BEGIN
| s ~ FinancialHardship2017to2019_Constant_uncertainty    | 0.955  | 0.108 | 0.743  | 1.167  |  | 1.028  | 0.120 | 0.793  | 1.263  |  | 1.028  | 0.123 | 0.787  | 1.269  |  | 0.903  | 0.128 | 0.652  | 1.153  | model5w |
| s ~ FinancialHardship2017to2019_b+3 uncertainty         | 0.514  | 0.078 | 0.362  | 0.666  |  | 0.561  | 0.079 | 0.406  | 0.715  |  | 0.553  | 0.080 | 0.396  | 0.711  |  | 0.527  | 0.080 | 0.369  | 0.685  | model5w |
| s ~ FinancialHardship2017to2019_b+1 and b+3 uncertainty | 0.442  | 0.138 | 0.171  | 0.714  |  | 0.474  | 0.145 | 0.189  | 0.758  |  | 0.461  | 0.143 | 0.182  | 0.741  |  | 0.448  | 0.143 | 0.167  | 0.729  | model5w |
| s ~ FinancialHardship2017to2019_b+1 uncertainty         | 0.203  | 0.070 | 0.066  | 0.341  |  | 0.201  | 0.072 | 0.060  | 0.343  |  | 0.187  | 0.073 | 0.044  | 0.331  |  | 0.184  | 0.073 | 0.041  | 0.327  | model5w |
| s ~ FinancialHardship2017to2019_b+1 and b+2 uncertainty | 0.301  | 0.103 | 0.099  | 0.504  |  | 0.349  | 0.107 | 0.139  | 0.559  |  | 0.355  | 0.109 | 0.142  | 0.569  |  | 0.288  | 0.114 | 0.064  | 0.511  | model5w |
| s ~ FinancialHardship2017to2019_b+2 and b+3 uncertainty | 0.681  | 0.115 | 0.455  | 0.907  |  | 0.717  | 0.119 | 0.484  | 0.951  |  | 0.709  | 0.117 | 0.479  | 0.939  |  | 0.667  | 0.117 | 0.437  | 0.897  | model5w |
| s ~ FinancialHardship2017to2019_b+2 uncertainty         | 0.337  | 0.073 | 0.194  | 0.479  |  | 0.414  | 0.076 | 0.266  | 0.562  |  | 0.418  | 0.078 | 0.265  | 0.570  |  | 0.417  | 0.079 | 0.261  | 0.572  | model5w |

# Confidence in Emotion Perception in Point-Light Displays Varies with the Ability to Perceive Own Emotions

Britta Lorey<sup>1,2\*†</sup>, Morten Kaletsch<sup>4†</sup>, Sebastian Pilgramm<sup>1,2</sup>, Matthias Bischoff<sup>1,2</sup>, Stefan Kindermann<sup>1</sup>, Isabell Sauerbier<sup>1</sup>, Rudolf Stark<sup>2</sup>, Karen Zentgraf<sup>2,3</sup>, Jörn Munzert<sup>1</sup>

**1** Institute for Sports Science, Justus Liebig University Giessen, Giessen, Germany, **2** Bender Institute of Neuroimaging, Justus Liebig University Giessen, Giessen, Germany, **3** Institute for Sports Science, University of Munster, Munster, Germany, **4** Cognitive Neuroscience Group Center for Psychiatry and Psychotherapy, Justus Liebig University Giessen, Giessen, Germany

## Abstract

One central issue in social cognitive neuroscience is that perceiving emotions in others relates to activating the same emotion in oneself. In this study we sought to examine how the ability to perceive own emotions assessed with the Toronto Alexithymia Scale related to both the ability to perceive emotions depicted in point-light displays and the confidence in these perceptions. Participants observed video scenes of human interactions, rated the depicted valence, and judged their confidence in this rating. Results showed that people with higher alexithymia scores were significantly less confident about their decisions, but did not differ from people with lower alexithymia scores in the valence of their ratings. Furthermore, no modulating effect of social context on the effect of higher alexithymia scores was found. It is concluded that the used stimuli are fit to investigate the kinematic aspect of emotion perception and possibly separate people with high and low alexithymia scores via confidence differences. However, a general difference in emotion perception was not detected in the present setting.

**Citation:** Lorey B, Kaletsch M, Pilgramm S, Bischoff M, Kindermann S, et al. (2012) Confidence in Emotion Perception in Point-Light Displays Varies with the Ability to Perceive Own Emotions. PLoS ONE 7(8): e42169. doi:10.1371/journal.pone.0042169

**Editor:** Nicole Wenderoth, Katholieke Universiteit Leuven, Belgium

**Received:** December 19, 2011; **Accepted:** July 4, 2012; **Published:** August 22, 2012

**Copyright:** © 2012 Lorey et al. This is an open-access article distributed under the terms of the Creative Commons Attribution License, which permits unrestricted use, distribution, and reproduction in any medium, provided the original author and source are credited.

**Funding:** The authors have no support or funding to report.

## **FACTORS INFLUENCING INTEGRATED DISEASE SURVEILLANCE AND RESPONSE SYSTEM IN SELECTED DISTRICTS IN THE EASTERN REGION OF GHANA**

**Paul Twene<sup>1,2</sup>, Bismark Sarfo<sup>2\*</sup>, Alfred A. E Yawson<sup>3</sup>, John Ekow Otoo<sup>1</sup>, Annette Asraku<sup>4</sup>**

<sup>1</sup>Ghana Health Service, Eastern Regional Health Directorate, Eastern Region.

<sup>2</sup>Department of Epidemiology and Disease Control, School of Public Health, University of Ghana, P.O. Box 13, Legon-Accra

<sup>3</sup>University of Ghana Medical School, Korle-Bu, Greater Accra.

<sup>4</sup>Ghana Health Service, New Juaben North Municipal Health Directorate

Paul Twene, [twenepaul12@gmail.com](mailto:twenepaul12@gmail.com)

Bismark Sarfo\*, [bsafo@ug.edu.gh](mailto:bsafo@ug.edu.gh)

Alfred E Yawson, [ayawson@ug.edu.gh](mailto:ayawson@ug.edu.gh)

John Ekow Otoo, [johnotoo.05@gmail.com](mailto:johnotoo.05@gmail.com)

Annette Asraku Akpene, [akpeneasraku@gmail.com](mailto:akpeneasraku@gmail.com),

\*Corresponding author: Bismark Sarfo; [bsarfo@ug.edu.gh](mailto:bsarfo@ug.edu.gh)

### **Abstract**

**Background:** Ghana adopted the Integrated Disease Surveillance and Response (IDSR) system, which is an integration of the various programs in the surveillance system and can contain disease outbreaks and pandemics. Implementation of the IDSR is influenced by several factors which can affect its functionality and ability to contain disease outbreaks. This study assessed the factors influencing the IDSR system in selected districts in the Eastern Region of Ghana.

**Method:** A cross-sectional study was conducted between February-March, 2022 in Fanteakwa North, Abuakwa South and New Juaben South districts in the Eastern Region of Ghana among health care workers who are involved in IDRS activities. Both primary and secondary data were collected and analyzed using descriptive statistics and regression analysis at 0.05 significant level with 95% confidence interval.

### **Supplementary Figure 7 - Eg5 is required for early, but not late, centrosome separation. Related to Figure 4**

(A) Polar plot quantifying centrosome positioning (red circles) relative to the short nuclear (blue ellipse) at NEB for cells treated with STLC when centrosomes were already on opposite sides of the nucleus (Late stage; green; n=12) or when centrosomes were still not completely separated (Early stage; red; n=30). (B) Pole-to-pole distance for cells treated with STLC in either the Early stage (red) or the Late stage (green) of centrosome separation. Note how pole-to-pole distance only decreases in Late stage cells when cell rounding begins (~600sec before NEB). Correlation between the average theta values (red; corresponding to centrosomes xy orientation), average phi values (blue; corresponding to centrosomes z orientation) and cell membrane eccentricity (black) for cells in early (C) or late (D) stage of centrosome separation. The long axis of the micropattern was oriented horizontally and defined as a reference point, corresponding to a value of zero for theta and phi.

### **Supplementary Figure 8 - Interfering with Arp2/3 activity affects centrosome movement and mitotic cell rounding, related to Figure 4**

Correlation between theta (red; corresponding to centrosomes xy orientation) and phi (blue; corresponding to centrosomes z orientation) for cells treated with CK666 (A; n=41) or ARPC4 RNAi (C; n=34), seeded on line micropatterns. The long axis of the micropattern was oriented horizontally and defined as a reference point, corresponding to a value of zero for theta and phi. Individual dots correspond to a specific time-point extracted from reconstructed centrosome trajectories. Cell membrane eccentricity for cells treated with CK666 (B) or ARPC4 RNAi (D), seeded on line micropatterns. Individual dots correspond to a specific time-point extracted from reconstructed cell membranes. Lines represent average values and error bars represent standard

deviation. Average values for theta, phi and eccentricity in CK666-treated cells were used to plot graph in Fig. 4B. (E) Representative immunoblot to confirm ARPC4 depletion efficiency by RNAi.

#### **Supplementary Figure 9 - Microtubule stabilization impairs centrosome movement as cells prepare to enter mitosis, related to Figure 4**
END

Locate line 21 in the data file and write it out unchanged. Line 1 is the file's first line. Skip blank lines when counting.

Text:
<sup>2</sup>Department of Epidemiology and Disease Control, School of Public Health, University of Ghana, P.O. Box 13, Legon-Accra